As with any online activity, running an ecommerce business can leave you exposed to a variety of risks. Before you launch your new venture, take some time to understand the risks of selling online, and how best to deal with them.
[Note: This article is Part 4 in a seven-part series by Chris Dahl providing an essential guide to setting up your ecommerce business. Read , , and Part 3: Accepting online payments: the essentials.]
With a strong product offering and digital presence, your venture could see a ton of sales in just a short time. Whether you stay successful is another matter. An excess of fraudulent orders could see you hemorrhaging thousands of dollars in chargebacks, while the ramifications of poor website security could have a severe impact on your brand.
Fortunately, this is only a worst-case scenario. The services available to startup businesses these days offer numerous safeguards against known threats. It’s easier than ever to establish sound business practice and a solid infrastructure from the very beginning. Let’s explore how.
What is a chargeback?
A chargeback is when a cardholder disputes the sale made on their card. This is ordinarily because they claim not to have authorised the transaction or made that particular purchase. The cardholder contacts their bank or credit association and demands their money back.
Chargebacks are an insurance feature, designed to protect cardholders in the case of admin errors, unreceived deliveries or faulty goods being supplied. The downside is the challenge they present to your business when issued as a result of fraud.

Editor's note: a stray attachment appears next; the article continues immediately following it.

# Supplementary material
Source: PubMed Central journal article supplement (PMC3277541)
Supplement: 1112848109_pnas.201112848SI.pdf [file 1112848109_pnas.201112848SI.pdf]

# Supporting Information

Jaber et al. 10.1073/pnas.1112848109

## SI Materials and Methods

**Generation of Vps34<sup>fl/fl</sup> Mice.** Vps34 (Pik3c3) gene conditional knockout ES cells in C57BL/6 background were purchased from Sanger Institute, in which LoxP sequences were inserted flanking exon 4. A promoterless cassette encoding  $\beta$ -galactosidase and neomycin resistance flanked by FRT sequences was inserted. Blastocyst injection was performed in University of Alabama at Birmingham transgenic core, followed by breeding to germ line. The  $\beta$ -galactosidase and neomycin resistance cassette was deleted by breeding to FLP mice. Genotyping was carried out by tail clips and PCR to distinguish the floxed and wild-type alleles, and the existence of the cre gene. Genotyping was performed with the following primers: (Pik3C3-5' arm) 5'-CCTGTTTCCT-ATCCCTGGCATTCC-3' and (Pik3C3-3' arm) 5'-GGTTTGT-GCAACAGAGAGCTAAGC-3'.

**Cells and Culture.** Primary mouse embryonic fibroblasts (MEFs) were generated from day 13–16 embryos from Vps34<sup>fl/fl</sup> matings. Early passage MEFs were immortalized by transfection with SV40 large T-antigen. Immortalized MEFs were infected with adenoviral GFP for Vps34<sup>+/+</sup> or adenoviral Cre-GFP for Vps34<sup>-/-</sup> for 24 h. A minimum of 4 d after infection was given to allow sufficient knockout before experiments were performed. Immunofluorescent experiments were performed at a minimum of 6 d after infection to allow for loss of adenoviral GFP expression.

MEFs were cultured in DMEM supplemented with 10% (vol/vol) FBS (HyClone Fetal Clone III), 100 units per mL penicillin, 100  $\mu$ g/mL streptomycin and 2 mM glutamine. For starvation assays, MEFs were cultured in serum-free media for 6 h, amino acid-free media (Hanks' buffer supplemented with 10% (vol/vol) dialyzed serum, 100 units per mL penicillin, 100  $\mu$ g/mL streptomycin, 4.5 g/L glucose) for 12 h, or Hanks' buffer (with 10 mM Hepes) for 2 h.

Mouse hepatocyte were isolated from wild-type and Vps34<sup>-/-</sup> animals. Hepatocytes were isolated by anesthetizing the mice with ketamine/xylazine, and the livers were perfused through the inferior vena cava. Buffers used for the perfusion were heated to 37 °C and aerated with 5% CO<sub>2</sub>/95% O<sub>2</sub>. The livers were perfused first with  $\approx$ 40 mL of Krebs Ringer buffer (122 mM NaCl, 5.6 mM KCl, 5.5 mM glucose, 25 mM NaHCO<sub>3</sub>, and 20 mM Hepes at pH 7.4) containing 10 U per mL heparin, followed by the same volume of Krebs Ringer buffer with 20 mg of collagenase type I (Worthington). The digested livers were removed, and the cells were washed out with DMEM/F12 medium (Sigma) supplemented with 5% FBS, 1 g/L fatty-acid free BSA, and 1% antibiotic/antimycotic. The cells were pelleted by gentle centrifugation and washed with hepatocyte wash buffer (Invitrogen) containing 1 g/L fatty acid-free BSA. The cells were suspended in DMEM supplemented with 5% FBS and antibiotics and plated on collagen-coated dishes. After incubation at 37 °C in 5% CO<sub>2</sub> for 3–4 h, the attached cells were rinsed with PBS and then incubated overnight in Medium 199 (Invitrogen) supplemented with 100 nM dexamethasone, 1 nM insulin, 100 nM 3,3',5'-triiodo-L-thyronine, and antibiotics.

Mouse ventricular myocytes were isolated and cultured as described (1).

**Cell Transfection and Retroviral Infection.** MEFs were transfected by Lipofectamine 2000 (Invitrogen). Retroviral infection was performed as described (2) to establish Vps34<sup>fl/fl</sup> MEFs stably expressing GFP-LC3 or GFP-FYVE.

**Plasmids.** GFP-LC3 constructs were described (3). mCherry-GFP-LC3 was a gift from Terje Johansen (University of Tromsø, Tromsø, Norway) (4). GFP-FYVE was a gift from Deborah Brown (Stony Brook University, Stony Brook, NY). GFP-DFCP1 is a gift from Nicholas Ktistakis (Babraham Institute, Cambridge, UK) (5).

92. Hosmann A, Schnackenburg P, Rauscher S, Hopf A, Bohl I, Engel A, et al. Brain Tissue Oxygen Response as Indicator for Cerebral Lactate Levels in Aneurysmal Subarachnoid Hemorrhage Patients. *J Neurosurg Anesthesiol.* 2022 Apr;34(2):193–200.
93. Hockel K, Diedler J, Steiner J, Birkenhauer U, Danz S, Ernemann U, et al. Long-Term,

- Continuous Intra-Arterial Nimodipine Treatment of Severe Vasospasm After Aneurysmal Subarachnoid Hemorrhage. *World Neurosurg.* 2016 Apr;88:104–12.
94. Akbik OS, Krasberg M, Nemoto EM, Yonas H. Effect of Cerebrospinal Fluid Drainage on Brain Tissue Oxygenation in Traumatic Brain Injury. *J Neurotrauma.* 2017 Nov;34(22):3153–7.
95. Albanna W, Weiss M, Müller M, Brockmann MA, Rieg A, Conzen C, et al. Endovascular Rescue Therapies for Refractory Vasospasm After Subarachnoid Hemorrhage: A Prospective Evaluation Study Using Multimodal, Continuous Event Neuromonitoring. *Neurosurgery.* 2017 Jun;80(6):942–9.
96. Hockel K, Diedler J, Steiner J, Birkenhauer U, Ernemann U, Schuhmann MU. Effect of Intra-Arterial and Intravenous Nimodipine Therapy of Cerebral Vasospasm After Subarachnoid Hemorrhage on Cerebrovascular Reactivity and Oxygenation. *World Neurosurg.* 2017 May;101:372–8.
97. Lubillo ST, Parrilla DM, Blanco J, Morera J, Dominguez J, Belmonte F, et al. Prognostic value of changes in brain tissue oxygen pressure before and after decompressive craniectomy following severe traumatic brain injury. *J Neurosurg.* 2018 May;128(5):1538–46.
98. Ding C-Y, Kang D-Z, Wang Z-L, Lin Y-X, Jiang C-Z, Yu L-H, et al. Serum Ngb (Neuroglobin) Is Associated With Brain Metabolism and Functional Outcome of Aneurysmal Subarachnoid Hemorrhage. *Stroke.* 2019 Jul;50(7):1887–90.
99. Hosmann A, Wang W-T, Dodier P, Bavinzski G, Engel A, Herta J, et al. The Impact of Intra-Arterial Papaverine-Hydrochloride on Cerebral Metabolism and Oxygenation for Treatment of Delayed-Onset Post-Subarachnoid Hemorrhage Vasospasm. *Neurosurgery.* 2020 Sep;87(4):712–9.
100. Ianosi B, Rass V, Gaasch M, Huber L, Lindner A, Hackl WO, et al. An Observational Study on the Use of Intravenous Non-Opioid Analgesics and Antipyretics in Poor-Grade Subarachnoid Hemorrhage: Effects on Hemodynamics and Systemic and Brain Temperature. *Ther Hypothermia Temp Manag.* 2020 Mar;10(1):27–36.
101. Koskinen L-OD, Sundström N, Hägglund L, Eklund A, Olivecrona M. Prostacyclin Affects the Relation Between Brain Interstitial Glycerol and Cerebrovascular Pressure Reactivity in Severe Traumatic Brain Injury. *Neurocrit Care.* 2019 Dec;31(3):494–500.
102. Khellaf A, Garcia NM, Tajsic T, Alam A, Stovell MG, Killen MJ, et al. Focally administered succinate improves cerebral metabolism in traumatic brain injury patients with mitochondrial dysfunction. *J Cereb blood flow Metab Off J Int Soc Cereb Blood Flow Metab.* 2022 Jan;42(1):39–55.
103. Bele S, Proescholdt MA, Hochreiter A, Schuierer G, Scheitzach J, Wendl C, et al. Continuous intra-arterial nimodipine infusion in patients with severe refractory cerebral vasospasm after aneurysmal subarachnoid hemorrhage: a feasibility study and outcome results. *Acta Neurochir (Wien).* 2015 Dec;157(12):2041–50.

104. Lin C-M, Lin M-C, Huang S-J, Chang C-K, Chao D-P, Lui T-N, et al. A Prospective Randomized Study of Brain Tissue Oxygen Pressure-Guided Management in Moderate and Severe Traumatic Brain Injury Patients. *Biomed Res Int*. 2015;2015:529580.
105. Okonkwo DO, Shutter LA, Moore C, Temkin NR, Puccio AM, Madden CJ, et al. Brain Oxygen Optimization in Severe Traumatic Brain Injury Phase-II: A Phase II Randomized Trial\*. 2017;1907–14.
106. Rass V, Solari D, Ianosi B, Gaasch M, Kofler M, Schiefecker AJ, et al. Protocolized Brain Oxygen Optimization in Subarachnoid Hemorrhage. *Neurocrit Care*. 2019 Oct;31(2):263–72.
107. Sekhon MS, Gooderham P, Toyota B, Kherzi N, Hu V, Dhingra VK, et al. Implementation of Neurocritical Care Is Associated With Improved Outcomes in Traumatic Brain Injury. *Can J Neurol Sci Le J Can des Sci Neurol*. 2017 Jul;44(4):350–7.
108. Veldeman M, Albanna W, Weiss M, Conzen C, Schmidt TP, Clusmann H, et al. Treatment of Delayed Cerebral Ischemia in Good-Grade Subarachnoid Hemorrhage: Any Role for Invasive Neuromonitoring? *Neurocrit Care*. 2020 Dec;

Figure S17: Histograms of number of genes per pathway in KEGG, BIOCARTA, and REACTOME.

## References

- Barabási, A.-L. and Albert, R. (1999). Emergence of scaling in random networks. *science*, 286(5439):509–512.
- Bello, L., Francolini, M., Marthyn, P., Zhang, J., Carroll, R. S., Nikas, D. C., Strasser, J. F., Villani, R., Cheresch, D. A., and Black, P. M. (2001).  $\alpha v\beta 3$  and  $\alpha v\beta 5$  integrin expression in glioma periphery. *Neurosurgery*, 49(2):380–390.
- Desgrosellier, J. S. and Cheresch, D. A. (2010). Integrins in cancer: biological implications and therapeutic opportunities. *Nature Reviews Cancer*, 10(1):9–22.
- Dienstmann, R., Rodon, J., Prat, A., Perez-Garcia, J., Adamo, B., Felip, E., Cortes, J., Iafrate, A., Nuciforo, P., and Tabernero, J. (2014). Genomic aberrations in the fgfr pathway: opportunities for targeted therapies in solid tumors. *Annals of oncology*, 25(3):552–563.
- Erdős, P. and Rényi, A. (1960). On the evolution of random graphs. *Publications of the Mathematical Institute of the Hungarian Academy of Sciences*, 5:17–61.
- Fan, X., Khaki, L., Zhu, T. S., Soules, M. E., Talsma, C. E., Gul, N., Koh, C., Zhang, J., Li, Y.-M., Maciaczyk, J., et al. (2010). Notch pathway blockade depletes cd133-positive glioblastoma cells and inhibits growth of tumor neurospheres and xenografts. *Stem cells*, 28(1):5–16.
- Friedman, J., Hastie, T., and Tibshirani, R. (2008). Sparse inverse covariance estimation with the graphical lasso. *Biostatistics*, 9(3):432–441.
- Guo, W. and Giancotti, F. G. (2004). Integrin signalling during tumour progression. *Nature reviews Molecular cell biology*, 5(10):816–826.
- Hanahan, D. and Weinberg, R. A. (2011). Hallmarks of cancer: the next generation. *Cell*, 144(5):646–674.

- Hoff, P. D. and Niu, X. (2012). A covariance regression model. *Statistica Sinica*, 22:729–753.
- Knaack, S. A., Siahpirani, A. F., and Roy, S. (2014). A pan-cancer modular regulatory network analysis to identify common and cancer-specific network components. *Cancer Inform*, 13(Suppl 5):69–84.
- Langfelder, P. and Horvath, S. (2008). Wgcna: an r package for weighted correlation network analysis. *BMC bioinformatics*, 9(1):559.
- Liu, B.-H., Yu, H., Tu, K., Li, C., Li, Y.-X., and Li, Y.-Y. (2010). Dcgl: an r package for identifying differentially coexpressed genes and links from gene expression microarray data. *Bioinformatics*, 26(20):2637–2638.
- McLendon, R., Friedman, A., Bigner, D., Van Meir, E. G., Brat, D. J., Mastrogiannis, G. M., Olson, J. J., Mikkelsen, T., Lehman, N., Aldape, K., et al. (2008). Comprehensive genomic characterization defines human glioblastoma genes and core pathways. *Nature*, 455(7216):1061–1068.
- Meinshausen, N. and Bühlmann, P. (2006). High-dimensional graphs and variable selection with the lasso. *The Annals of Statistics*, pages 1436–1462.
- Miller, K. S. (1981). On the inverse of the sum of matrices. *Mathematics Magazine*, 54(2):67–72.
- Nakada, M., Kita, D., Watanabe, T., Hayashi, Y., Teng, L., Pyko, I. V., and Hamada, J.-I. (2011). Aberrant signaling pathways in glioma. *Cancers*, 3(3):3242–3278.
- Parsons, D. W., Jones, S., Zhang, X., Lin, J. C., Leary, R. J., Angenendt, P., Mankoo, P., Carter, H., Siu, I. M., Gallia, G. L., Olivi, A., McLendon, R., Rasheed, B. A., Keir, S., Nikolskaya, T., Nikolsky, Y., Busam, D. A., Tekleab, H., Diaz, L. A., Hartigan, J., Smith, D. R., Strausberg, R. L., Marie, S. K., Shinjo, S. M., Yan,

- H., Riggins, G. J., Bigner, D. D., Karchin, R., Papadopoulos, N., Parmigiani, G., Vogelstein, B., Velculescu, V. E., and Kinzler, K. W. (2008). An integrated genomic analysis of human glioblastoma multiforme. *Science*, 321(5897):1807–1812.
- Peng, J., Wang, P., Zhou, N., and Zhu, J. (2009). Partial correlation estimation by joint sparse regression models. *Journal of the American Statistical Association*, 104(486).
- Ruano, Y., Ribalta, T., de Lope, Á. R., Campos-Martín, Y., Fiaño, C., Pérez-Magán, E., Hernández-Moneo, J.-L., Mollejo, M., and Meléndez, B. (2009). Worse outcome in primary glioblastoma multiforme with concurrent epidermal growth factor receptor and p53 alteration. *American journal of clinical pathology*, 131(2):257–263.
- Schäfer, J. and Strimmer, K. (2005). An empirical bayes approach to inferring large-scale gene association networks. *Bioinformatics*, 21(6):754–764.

What is fraud?
Fraud occurs when a person intentionally misleads for personal gain. Because online purchases don’t require the cardholder to be physically present, a customer’s identity can be masked, increasing the chances of your business engaging with customers who aren’t the people they claim to be.
If a lost or stolen card is used to place an order, the true cardholder may request a chargeback, leaving your business with an expensive lesson in risk management, especially if the goods have already been delivered.
Fraud isn’t limited to customers using other people’s cards, however. Cardholders themselves may request chargebacks, even if they legitimately placed an order and their goods arrived as described. This is known as chargeback fraud, or friendly fraud.
What is information theft?
Information theft is a general term describing unauthorised access to private data. It’s most often talked about in the context of identity theft, where someone pretends to be you in order to conduct fraudulent activity under your name. But information theft may also include the stealing of trade secrets (industrial espionage), secure documents (document theft), or any other files and data that could be used against you.
As an ecommerce business, your primary concern should be for the security of your website and customer data, ensuring malicious third-parties can’t gain access to your databases or eavesdrop during a payment transaction.
How to minimise risk when selling online
Know your customer before accepting their order